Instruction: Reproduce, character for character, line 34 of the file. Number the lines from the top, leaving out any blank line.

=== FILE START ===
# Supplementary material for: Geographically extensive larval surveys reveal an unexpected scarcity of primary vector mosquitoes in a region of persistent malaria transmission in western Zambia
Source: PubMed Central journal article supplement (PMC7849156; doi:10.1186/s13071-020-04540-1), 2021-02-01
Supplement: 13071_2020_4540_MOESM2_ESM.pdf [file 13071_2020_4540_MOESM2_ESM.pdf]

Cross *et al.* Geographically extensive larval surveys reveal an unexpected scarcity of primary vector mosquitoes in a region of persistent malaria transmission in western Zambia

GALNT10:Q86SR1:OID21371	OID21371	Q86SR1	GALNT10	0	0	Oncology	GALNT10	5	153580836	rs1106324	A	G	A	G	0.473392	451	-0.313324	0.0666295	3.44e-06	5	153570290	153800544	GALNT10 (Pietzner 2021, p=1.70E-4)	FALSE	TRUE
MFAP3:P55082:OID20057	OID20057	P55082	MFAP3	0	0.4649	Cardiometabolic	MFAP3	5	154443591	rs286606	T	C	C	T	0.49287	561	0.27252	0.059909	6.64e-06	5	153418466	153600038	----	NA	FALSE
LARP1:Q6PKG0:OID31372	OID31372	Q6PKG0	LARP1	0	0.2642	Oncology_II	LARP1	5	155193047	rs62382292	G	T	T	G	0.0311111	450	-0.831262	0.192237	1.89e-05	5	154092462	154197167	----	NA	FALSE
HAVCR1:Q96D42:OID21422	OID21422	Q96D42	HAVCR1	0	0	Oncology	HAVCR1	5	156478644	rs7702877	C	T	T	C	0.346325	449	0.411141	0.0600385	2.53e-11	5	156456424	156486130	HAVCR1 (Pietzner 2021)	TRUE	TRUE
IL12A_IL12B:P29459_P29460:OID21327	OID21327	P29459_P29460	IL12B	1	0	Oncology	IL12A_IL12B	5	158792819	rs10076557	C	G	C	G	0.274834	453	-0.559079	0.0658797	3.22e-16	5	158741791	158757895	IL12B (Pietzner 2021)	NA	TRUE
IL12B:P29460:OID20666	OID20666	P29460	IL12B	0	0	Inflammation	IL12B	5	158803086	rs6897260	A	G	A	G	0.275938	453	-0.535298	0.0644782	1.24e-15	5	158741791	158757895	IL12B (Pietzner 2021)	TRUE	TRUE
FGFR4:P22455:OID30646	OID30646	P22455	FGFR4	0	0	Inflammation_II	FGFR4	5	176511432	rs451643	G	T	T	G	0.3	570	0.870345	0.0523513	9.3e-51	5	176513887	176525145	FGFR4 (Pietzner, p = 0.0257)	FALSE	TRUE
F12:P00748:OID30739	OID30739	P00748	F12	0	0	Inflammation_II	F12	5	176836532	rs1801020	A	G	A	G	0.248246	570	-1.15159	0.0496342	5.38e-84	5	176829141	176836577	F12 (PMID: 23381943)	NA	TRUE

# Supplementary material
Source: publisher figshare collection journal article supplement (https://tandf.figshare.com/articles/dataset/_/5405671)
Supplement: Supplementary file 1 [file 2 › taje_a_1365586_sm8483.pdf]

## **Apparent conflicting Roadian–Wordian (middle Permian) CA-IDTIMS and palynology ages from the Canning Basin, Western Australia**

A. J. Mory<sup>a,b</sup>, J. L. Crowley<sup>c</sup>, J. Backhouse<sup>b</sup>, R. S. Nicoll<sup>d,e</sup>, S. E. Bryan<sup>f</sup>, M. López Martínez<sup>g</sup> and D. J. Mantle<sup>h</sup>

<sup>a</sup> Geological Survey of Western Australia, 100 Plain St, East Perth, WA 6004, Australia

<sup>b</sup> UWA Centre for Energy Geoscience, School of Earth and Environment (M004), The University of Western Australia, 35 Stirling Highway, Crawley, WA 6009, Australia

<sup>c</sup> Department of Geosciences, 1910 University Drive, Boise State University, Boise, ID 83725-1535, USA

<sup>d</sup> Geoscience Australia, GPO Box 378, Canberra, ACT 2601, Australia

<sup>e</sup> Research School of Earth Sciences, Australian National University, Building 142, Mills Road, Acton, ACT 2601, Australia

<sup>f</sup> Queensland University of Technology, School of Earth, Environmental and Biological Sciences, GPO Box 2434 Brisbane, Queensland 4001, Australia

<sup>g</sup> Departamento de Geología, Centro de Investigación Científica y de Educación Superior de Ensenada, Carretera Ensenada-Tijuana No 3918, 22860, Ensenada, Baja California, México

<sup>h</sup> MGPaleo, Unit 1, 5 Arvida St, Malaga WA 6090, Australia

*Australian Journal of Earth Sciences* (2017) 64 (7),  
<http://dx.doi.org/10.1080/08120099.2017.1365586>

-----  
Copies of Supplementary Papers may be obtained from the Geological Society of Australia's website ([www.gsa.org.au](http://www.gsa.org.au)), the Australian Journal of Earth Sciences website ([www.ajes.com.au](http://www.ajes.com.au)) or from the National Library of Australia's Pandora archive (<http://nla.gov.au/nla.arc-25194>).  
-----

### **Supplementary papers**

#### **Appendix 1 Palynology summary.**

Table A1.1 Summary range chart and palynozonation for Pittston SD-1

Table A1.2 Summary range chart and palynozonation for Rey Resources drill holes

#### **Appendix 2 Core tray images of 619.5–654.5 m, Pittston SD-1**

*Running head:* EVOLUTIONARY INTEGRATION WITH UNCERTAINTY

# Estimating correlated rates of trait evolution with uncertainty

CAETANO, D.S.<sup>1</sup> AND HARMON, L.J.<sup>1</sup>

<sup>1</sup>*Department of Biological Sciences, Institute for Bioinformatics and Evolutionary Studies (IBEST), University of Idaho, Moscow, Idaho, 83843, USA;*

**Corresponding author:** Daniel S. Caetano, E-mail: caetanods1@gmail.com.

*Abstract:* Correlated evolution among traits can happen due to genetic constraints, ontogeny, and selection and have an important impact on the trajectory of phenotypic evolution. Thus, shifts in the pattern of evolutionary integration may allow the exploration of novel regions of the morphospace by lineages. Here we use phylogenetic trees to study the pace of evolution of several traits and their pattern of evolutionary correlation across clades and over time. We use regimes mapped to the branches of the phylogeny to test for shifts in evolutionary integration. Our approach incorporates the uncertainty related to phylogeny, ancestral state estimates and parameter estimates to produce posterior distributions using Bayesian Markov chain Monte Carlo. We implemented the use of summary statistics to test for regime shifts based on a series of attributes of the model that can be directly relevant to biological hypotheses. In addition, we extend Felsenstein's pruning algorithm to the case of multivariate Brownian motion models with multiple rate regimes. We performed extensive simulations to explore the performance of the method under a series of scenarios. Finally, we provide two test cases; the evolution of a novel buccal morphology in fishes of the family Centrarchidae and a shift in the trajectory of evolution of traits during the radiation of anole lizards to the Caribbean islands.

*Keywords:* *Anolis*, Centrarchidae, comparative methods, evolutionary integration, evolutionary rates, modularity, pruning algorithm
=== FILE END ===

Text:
Table A1.2 Summary range chart and palynozonation for Rey Resources drill holes